A Step-by-Step Guide to Divorce: Divorce and Children

 

It is natural and understandable that any parent contemplating divorce will worry about the effect on their children. And it is true that many children are bewildered, sad or angry when they hear that their parents are to divorce.

Some may refuse to accept that their parents will not get back together. Others may blame themselves for what has happened. It is also possible that a child may appear unaffected by what is happening, perhaps in an effort to protect their parents. Regardless of the history between the parents, it is vital that both focus on putting their children’s interests first.

As far as possible, this means presenting a united parenting front. It may be hard to do this when going through a divorce, particularly if the split is acrimonious. However, it is important to remember that children are not parties to the divorce and that their relationship with each parent will continue after the decree absolute. Furthermore, parents, even once divorced, will have an ongoing relationship as co-parents of their children. This can sometimes be difficult to accept. Counselling, whether undertaken together or individually, may help both parties move forwards in as positive a frame of mind as possible.

In England and Wales, the family law courts with responsibility for issuing divorces do not, as a matter of routine, make pronouncements on post-divorce arrangements affecting any children of the parties. Thanks to the “Statement of Arrangements for Children” form that must be submitted with the divorce petition, the court will be aware of the existence of any children. However, in the vast majority of cases, the court will only intervene in arrangements affecting those children if one of the parties asks it to do so. Moreover, in most divorce proceedings, there are other mechanisms that the parents should attempt first.

Parenting Plans

Some divorcing couples are able to co-parent in a calm and cooperative manner. Others may need a little help. A parenting plan can be an excellent first step for separating parents, and can even be a means of avoiding court-ordered arrangements.

Properly thought-out, a parenting plan is a written document that the parents work out between them. It covers the practical side of parenting, including, for example, where the children will live and where they will go to school. As such, it can be invaluable in ensuring both parents are on the same page.

A parenting plan is also useful if issues relating to the children later come to court because it will help the judge to see what the parents have agreed on and where they differ. Indeed, it is very likely that a judge will expect a couple to have attempted a parenting plan before coming to court, and good family law solicitors will point this out to their clients. The Children and Family Court Advisory and Support Service (Cafcass), an independent organisation that represents children’s interests in family court cases, offers a sample downloadable parenting plan on its website. Its site also includes a helpful “summary of progress” where couples can note areas on which they have agreed and those on which they think they may need a court’s help.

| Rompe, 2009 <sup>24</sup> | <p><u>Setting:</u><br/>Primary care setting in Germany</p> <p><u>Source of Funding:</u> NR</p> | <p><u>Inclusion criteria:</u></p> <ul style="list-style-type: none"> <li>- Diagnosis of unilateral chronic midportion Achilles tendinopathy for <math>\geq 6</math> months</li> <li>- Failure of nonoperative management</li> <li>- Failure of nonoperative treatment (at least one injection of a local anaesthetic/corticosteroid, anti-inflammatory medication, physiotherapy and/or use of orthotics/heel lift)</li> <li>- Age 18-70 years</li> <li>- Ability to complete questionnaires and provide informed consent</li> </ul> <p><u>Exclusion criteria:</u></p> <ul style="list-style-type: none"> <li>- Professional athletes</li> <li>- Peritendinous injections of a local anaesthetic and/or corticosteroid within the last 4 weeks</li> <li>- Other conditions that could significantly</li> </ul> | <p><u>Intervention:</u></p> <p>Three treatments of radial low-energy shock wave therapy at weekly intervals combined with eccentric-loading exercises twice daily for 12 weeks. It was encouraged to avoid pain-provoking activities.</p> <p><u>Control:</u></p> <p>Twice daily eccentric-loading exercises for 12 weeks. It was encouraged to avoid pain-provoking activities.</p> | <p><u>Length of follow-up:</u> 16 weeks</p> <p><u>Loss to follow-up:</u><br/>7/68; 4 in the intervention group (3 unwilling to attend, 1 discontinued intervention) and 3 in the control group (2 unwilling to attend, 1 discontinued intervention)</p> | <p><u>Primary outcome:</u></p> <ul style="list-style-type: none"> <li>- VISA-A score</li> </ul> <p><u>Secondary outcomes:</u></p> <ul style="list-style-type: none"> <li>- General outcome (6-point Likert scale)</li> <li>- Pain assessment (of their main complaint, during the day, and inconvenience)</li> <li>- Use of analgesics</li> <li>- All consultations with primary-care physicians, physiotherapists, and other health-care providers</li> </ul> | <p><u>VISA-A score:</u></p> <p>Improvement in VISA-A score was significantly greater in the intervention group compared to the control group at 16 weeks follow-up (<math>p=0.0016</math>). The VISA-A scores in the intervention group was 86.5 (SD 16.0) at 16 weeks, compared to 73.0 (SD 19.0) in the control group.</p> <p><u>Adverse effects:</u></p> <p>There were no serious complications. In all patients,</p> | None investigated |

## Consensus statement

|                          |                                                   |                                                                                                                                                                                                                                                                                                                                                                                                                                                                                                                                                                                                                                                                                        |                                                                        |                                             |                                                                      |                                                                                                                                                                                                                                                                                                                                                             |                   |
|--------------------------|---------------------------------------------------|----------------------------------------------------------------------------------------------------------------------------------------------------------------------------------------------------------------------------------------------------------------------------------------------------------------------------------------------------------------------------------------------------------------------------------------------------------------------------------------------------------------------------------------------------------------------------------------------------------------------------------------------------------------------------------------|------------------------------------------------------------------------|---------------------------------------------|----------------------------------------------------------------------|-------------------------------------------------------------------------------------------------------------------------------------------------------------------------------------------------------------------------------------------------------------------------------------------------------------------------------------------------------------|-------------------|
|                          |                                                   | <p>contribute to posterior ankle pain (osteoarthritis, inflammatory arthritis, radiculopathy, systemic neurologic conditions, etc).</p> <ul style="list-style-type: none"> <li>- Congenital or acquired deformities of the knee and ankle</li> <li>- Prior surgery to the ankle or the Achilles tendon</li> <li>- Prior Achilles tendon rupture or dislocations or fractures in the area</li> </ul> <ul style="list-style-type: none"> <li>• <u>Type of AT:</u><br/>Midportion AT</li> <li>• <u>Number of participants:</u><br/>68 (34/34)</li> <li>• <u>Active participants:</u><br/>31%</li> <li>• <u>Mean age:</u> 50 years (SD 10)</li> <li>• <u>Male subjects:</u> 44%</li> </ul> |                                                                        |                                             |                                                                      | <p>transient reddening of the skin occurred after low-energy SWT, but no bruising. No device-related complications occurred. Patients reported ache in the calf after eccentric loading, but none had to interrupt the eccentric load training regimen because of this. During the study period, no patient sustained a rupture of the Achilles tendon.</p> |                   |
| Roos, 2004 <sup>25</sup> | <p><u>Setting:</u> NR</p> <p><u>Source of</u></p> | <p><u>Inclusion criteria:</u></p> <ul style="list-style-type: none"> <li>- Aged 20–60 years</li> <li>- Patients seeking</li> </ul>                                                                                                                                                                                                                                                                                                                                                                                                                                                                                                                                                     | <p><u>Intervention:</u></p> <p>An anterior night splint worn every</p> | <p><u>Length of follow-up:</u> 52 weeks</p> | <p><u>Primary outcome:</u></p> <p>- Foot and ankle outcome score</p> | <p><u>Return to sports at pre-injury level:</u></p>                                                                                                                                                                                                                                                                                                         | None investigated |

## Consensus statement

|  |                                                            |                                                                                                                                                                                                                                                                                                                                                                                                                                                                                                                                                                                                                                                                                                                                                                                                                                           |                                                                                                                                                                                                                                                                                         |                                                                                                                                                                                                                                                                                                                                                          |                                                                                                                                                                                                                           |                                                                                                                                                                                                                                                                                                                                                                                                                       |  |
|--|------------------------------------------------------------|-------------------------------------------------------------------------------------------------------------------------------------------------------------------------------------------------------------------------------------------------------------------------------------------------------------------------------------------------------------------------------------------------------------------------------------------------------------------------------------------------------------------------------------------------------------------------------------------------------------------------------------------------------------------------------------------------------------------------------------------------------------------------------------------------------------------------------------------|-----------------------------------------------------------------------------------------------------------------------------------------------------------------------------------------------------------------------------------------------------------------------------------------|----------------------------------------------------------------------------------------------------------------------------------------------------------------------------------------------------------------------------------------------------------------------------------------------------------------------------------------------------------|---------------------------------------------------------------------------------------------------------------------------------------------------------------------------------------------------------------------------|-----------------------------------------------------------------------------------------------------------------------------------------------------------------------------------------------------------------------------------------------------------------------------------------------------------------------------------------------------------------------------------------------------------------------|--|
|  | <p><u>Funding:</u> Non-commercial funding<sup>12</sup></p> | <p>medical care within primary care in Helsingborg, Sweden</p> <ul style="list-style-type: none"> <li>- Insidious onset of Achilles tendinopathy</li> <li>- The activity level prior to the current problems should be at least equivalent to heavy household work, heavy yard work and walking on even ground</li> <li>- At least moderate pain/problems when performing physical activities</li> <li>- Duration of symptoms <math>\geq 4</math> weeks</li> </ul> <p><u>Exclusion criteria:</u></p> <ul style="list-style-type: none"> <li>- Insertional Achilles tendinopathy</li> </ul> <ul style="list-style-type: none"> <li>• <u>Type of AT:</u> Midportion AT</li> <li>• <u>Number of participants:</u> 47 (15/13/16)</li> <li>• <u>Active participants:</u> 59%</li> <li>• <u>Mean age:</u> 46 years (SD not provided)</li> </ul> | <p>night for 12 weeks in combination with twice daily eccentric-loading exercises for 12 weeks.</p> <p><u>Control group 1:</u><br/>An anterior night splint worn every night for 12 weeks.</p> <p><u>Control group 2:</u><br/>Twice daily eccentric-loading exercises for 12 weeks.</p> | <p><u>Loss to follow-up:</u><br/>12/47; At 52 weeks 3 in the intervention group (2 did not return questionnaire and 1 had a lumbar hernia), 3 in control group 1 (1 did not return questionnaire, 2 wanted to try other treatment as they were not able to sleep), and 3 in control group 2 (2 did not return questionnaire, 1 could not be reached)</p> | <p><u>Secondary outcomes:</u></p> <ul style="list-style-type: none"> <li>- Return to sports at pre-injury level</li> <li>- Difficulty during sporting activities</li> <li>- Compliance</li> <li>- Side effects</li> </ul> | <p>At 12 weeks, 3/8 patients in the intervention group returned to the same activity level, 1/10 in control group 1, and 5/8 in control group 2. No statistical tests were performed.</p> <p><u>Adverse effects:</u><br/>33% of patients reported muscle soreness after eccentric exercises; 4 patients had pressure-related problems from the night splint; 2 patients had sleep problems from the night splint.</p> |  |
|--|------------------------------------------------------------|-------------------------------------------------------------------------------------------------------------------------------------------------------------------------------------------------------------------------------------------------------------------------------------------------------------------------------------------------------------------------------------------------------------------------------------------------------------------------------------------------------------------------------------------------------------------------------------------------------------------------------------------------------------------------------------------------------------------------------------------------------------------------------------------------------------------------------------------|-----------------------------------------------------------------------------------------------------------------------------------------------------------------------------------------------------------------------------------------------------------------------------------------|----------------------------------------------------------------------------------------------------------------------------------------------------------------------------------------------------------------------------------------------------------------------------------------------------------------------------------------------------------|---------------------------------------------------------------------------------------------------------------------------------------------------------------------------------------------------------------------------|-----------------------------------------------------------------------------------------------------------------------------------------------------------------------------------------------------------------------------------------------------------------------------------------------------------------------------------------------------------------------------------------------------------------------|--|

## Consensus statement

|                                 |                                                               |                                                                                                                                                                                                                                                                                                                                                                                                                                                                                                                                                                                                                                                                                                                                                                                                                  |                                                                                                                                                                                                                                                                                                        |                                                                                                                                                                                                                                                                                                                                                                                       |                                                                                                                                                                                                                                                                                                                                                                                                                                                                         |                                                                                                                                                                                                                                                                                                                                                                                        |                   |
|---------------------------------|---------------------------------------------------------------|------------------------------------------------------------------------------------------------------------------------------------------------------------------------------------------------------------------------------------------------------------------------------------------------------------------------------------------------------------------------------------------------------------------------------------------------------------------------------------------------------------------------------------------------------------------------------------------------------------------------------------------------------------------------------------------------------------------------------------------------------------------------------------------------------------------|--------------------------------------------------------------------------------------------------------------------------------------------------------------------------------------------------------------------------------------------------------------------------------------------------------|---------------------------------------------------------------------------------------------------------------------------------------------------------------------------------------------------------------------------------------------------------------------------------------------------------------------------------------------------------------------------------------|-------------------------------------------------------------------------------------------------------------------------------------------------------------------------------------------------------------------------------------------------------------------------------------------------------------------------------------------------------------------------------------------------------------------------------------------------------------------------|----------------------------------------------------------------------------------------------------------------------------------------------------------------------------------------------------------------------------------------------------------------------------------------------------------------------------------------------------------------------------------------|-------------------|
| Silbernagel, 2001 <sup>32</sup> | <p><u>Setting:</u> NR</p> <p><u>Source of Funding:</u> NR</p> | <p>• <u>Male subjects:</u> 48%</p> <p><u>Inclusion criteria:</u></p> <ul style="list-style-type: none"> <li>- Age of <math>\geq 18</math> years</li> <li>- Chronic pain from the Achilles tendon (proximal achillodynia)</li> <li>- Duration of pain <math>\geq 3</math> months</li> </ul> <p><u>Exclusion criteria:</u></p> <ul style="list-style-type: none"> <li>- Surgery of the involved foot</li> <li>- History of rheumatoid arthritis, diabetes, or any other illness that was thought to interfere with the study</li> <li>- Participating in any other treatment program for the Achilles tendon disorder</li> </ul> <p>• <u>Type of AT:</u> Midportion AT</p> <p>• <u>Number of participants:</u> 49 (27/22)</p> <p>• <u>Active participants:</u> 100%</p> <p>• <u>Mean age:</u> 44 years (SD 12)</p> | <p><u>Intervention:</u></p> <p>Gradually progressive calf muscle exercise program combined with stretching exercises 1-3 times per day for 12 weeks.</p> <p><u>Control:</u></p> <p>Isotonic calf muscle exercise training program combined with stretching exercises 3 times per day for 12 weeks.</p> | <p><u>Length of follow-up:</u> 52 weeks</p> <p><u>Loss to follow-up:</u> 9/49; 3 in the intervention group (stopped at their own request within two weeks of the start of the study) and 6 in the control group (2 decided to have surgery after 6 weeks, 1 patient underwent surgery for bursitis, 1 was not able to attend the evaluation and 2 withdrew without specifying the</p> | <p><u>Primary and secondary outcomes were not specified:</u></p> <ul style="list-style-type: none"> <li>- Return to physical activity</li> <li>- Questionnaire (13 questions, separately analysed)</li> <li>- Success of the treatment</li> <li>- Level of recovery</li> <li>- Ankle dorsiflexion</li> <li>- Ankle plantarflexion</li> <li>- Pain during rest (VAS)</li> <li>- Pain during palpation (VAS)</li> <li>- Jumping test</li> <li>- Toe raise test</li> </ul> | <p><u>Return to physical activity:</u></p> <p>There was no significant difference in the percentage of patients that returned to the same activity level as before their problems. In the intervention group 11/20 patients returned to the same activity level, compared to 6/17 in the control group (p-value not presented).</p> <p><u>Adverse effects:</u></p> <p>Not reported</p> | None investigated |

Mediation

Where a divorcing couple cannot agree on post-divorce arrangements for their children, mediation is the next logical step. Divorce lawyers in London and elsewhere can often refer a couple to independent and impartial mediators.

Collaborative Law

This can be a helpful way for a divorcing couple to determine arrangements for their children. As is usual, each party has their own lawyer but communications between each side are managed face to face in what are known as “four-way meetings” rather than by email, letter or telephone. Not all lawyers will be accustomed to offering collaborative law but it should be possible to find firms of divorce solicitors in London and across the country with enough relevant experience for interested parties to have a real choice of legal services providers. Collaborative law is also only suited to divorces where the parties remain on reasonably good terms. If one party does not trust the other then it is unlikely to work.

Court Proceedings

When it comes to determining post-divorce arrangements for children, going to court ought to be the last resort.

Not only is it the most expensive way of resolving matters, it is often contentious and can be upsetting for parents and children alike. Although it is possible to self-represent, anyone thinking of involving the courts should at least consider seeking legal advice. They should also expect the court to involve Cafcass in order to ensure that the children’s interests are properly protected. Questions that the court may rule on typically include residence (previously known as custody) and contact.

These can often be highly acrimonious and good legal advice can be very helpful. Parents, particularly fathers, sometimes feel that the court system is biased against them and consequently wish to seek out men’s divorce lawyers with particular experience in helping individuals in a similar situation. However, it is essential to understand that, at all times, the court will prioritise the child’s best interests. It is also important to realise that any court-ordered arrangements are legally binding and can only be altered by a return to court.